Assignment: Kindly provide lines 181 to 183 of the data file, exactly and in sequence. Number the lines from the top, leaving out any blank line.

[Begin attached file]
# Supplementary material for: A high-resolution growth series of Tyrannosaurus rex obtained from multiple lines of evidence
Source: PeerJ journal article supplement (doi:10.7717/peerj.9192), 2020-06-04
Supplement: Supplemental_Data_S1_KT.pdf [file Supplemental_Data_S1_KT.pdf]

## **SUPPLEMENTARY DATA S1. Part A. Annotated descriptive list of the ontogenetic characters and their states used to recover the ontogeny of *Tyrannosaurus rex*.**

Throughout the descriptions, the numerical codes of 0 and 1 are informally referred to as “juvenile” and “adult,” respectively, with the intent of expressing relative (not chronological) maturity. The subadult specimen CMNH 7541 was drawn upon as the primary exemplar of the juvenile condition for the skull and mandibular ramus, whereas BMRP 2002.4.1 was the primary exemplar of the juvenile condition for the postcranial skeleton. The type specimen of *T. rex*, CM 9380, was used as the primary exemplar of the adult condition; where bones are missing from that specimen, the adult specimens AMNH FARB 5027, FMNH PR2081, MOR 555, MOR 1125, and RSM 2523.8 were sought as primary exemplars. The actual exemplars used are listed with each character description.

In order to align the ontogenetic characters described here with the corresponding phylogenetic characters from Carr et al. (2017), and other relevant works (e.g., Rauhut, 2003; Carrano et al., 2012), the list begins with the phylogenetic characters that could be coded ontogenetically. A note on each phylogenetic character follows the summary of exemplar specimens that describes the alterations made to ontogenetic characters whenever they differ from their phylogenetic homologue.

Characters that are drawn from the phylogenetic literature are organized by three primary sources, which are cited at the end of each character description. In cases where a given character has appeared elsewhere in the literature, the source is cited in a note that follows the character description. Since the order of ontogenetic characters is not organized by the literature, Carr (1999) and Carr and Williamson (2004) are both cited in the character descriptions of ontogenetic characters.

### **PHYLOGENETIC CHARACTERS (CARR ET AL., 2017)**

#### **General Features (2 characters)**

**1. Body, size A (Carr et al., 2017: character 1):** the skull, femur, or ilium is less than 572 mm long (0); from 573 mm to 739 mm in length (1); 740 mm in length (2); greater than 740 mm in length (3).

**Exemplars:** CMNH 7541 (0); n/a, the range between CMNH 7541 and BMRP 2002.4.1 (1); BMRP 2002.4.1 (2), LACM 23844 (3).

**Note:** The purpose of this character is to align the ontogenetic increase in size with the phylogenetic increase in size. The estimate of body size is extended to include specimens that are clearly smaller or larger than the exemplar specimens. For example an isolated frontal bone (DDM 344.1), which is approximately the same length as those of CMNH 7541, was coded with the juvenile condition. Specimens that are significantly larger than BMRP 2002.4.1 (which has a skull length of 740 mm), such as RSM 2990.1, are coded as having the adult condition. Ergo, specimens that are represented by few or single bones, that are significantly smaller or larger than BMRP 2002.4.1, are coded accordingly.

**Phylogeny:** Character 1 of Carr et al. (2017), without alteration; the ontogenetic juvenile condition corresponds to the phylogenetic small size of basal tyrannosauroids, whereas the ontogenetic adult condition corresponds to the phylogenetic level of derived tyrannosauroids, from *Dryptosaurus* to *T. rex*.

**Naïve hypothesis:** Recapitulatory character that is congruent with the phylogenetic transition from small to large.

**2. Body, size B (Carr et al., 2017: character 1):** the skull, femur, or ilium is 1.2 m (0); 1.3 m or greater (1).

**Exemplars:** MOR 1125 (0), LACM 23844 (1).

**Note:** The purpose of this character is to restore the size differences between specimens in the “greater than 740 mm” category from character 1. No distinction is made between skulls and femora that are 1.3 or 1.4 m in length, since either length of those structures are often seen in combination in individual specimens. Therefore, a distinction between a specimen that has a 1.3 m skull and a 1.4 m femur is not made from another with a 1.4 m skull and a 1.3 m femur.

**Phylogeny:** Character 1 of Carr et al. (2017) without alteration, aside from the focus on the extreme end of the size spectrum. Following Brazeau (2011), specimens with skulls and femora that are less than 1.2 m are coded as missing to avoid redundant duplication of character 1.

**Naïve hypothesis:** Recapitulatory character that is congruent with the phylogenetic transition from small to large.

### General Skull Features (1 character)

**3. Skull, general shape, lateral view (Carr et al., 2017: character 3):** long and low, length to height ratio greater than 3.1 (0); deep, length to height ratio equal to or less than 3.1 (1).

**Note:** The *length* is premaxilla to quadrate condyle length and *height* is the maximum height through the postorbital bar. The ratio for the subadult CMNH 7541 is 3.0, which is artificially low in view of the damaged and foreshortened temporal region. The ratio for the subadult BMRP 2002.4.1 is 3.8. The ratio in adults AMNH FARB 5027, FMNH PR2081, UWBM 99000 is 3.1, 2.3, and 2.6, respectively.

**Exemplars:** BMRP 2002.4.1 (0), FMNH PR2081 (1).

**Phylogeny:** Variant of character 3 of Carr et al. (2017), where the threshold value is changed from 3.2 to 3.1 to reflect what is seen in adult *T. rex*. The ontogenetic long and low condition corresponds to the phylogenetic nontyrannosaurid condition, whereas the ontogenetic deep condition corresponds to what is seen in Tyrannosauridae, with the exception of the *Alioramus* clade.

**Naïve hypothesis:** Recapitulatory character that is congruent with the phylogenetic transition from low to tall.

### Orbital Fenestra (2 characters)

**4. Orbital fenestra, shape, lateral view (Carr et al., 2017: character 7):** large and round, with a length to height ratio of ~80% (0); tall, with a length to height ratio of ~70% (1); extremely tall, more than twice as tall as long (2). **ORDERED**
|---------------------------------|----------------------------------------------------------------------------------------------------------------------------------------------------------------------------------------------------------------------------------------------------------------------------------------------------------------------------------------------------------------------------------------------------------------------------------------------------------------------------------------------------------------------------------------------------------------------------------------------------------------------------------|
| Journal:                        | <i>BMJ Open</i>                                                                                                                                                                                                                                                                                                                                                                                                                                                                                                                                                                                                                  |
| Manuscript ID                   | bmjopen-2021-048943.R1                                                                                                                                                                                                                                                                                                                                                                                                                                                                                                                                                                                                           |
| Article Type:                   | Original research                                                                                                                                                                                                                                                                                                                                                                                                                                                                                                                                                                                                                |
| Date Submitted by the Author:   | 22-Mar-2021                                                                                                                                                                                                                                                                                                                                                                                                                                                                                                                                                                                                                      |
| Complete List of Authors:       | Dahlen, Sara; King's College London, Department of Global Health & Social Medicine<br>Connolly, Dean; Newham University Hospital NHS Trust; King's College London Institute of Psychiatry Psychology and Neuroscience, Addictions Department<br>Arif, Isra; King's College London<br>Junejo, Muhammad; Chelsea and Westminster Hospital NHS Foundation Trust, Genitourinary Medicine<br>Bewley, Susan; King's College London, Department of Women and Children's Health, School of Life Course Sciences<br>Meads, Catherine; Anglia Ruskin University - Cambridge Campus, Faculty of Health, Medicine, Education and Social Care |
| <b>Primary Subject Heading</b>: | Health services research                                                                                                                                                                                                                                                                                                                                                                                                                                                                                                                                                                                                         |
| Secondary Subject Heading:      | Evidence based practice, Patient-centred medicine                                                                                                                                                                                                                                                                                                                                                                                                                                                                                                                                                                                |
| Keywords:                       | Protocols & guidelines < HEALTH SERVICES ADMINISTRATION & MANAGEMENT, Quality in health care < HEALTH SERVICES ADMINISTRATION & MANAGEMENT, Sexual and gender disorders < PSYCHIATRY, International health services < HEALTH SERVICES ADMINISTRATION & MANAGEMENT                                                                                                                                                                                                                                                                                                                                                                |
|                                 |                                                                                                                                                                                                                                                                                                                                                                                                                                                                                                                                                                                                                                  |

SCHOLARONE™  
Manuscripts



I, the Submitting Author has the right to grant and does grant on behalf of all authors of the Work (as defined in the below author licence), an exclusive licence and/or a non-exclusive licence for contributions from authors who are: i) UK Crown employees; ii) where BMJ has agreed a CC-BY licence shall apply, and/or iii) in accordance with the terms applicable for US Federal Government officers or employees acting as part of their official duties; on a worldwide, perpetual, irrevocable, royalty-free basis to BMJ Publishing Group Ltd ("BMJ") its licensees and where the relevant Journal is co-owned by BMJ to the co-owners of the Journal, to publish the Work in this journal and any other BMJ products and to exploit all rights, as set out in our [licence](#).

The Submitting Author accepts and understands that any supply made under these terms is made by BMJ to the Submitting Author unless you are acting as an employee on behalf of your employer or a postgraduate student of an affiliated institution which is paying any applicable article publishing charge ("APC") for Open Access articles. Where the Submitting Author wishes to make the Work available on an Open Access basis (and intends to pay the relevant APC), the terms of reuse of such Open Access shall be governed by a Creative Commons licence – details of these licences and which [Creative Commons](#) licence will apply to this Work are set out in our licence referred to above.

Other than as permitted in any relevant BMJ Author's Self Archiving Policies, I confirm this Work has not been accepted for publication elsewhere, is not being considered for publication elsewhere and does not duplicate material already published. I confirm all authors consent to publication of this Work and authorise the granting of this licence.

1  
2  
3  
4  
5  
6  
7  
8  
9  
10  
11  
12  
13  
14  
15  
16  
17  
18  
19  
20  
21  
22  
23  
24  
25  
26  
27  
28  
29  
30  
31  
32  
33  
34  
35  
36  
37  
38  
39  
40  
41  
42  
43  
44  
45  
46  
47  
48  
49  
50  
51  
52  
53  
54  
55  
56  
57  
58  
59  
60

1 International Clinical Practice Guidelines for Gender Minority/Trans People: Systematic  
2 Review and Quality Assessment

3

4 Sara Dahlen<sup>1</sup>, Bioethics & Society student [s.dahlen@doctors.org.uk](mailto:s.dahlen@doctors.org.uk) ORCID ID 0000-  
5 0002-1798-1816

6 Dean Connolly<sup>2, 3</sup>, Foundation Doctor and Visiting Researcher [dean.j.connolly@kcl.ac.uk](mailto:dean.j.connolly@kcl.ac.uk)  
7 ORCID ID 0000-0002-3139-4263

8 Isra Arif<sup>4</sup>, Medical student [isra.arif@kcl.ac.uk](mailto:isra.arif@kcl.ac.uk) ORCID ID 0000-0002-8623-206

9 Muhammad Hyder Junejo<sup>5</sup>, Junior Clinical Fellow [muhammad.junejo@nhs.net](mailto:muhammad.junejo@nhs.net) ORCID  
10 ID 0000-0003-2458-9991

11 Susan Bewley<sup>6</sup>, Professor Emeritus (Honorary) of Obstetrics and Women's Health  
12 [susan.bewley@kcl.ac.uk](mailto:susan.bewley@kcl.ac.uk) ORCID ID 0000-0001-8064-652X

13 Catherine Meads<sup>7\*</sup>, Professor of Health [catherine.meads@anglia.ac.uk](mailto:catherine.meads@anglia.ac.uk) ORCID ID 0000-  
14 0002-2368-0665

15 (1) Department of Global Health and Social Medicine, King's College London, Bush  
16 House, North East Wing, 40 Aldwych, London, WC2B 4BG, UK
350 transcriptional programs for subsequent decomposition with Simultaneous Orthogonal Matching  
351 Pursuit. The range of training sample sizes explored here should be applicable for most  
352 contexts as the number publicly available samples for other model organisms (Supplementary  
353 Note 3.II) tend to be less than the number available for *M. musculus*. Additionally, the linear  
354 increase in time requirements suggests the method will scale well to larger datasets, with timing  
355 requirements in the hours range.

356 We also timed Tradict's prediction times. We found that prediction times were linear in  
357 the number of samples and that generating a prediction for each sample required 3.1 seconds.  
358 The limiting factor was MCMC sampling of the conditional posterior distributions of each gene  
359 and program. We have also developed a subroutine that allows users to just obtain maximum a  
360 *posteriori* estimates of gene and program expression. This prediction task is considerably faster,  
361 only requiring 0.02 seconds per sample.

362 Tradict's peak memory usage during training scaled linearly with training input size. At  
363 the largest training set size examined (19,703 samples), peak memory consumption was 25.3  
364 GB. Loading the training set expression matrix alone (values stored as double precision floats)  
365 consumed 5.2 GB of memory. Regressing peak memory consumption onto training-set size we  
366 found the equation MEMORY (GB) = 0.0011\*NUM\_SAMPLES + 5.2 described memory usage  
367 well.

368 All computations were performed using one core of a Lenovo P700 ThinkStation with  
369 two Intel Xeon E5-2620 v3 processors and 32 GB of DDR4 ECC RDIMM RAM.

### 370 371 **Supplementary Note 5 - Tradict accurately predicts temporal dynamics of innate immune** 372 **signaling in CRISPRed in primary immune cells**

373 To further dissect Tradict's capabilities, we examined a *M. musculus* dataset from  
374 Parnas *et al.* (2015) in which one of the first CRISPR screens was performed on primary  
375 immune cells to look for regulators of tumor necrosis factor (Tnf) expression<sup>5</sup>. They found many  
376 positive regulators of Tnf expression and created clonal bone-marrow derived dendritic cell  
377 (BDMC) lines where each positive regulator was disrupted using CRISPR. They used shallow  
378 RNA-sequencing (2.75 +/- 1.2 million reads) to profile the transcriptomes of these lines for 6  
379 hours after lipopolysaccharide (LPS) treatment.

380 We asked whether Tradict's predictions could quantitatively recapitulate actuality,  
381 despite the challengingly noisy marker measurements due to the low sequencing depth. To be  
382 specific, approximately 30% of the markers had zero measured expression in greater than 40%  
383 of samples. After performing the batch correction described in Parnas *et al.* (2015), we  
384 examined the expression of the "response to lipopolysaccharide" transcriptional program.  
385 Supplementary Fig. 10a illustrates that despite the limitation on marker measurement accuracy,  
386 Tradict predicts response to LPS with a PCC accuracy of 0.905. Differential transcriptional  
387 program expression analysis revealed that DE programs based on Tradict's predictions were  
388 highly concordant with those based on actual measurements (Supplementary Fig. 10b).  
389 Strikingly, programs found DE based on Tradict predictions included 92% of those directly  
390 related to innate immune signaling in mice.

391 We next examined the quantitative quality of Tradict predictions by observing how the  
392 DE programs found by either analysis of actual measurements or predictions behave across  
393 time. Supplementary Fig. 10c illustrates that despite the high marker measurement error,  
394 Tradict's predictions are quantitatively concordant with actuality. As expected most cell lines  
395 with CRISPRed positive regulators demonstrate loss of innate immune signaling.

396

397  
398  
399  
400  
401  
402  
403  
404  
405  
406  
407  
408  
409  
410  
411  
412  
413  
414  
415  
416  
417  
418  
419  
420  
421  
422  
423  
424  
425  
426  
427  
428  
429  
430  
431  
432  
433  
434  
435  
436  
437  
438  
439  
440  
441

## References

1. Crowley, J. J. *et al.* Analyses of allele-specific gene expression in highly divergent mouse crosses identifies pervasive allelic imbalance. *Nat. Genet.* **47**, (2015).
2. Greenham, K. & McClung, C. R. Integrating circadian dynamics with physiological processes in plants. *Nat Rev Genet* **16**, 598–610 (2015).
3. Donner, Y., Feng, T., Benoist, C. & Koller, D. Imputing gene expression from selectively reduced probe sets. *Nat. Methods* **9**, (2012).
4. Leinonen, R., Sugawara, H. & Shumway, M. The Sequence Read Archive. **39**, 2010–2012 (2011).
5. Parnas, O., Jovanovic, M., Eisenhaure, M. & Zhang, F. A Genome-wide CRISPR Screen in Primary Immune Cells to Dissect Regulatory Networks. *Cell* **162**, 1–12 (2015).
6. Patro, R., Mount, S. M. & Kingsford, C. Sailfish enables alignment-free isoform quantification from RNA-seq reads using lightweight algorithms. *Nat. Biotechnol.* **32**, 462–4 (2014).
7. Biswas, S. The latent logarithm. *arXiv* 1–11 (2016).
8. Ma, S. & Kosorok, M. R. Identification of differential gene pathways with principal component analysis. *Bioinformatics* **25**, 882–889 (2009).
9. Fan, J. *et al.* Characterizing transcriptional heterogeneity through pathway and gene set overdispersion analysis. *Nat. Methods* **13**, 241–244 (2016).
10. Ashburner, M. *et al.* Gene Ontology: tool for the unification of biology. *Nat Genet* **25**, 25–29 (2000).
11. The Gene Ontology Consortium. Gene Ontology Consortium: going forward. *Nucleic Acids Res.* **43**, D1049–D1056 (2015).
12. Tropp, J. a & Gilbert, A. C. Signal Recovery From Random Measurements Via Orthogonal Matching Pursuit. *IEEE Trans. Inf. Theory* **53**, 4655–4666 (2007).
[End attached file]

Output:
414  
415  
416  